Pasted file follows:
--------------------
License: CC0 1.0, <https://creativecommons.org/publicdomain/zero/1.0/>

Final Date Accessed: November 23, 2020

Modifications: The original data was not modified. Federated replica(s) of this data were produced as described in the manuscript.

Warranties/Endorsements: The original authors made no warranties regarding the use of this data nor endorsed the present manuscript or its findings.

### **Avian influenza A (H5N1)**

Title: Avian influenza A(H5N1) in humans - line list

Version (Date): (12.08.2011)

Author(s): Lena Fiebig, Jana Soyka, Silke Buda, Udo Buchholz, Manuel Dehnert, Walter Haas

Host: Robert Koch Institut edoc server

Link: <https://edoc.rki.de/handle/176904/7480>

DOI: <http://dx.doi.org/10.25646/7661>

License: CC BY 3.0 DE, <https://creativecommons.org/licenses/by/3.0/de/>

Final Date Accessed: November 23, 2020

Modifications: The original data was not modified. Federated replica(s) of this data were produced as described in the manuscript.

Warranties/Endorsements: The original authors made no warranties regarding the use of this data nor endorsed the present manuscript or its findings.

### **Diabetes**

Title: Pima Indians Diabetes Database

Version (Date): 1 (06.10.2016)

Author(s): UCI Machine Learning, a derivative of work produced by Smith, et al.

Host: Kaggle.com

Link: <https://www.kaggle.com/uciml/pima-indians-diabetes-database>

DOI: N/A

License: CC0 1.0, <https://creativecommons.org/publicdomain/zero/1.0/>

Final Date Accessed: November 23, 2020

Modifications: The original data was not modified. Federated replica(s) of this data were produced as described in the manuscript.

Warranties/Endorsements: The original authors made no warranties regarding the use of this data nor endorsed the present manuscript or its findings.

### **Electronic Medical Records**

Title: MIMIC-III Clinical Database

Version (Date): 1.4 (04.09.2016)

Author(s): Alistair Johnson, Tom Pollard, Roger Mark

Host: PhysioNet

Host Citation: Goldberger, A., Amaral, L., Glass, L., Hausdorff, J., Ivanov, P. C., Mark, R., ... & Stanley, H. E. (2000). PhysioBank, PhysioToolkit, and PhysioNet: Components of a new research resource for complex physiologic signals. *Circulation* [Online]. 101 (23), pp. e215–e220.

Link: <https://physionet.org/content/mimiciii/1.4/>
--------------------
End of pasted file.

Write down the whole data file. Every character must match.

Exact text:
License: CC0 1.0, <https://creativecommons.org/publicdomain/zero/1.0/>

Final Date Accessed: November 23, 2020

Modifications: The original data was not modified. Federated replica(s) of this data were produced as described in the manuscript.

Warranties/Endorsements: The original authors made no warranties regarding the use of this data nor endorsed the present manuscript or its findings.

### **Avian influenza A (H5N1)**

Title: Avian influenza A(H5N1) in humans - line list

Version (Date): (12.08.2011)

Author(s): Lena Fiebig, Jana Soyka, Silke Buda, Udo Buchholz, Manuel Dehnert, Walter Haas

Host: Robert Koch Institut edoc server

Link: <https://edoc.rki.de/handle/176904/7480>

DOI: <http://dx.doi.org/10.25646/7661>

License: CC BY 3.0 DE, <https://creativecommons.org/licenses/by/3.0/de/>

Final Date Accessed: November 23, 2020

Modifications: The original data was not modified. Federated replica(s) of this data were produced as described in the manuscript.

Warranties/Endorsements: The original authors made no warranties regarding the use of this data nor endorsed the present manuscript or its findings.

### **Diabetes**

Title: Pima Indians Diabetes Database

Version (Date): 1 (06.10.2016)

Author(s): UCI Machine Learning, a derivative of work produced by Smith, et al.

Host: Kaggle.com

Link: <https://www.kaggle.com/uciml/pima-indians-diabetes-database>

DOI: N/A

License: CC0 1.0, <https://creativecommons.org/publicdomain/zero/1.0/>

Final Date Accessed: November 23, 2020

Modifications: The original data was not modified. Federated replica(s) of this data were produced as described in the manuscript.

Warranties/Endorsements: The original authors made no warranties regarding the use of this data nor endorsed the present manuscript or its findings.

### **Electronic Medical Records**

Title: MIMIC-III Clinical Database

Version (Date): 1.4 (04.09.2016)

Author(s): Alistair Johnson, Tom Pollard, Roger Mark

Host: PhysioNet

Host Citation: Goldberger, A., Amaral, L., Glass, L., Hausdorff, J., Ivanov, P. C., Mark, R., ... & Stanley, H. E. (2000). PhysioBank, PhysioToolkit, and PhysioNet: Components of a new research resource for complex physiologic signals. *Circulation* [Online]. 101 (23), pp. e215–e220.

Link: <https://physionet.org/content/mimiciii/1.4/>